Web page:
Proof: If there were a complete proof system for our logic, then it could be used to
decide whether an arbitrary theory ∆ has a finite model, contrary to Lemma 11. If ∆
had no finite model, then
∆0 = ∆ ∪ {∀xB(a, P (x))}
would be unsatisfiable, and given a complete proof system we could eventually prove
this. If ∆ did have a finite model, then one could eventually be found simply by picking
an arbitrary domain of cardinality n for each n = 1, 2, . . ., each time enumerating and
testing all possible models (for the subset of L built only from vocabulary occurring in
∆0 ) with that domain. 2
This proof also shows that given certain belief machines, our logic lacks the property of compactness: there can be an infinite unsatisfiable theory that has no unsatisfiable finite subset.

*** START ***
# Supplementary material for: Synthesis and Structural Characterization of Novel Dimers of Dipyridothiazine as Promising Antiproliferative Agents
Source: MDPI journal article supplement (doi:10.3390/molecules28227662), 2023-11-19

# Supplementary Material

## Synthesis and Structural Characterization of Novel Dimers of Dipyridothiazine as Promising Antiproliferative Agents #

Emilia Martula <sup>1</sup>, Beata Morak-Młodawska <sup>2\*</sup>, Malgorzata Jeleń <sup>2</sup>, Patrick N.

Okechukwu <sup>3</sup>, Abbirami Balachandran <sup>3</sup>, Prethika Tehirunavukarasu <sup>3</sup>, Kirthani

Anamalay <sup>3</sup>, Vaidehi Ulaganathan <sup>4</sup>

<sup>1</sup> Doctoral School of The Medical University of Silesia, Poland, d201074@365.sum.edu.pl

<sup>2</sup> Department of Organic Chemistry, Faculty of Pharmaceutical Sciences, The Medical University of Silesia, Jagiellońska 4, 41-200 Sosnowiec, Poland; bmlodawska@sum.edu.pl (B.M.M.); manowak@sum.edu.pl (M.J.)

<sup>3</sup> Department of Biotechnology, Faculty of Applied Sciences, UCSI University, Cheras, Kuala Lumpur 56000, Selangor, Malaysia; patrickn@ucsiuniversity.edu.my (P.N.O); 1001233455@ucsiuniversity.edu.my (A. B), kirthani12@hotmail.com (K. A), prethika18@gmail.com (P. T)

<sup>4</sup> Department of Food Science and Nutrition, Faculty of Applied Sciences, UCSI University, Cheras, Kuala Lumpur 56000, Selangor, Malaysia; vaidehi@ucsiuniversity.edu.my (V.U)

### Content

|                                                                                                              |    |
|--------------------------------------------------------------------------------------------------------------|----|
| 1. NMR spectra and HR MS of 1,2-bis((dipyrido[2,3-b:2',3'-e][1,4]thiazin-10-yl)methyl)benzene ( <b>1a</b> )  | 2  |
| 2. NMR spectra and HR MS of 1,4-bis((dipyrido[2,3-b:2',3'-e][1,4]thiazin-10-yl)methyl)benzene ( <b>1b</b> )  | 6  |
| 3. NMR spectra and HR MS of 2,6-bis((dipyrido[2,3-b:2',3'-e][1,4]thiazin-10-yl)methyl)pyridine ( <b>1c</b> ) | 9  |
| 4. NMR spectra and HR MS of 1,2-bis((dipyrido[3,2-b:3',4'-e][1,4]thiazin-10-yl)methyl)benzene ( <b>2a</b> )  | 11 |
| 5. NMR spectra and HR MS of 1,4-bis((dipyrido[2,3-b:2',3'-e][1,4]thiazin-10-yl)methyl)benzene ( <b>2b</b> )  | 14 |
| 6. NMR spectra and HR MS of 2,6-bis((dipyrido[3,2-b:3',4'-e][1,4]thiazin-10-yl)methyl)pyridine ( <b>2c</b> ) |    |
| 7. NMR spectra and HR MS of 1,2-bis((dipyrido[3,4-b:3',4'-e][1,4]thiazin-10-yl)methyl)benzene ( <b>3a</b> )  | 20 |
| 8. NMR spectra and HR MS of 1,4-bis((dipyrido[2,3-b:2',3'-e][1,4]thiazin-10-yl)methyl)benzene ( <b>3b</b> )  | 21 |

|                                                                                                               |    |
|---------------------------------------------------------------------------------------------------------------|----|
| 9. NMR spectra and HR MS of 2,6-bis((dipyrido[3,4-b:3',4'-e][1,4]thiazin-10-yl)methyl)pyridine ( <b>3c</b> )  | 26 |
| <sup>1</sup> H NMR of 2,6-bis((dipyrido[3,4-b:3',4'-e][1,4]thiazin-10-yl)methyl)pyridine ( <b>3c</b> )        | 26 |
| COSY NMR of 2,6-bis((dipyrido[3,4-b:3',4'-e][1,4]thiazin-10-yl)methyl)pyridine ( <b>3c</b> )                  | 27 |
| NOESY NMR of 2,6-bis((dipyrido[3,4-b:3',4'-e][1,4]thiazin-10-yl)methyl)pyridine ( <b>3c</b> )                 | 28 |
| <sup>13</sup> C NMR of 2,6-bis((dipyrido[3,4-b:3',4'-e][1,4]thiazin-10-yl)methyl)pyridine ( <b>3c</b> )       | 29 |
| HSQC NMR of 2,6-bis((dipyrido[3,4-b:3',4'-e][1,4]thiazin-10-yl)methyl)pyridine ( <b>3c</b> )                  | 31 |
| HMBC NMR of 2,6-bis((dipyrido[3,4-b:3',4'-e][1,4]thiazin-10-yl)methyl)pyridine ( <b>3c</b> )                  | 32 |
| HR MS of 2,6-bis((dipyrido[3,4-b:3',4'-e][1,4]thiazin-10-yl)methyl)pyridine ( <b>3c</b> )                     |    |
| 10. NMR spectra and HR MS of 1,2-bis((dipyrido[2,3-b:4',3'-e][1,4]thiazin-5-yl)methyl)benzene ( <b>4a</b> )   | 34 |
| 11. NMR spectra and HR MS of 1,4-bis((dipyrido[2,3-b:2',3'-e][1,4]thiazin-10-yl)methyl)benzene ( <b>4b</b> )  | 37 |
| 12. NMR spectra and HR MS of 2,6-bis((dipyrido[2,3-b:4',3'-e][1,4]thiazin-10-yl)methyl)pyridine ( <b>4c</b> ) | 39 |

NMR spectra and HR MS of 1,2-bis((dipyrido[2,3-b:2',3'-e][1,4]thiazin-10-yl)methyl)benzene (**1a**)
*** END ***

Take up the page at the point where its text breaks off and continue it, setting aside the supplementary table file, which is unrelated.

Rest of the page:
Restricted Completeness
We have shown that for some belief machines, no set of inference rules is complete.
However, we will now show that the set of rules introduced above is complete for
a restricted subset of the language, given any belief machine for which the rules are
sound. Loosely stated, the restriction is that universal quantification into a positively
embedded belief context is not allowed.
As mentioned in Section 3.3.3, to make the definition of a positive embedding precise, we treat ∃νψ as an abbreviation for ¬∀ν¬ψ, and ψ ⊃ χ as an abbreviation for
¬ψ ∨ χ. Another complication is that universal quantification can be “disguised” as existential quantification by nesting an existential formula inside the scope of a universal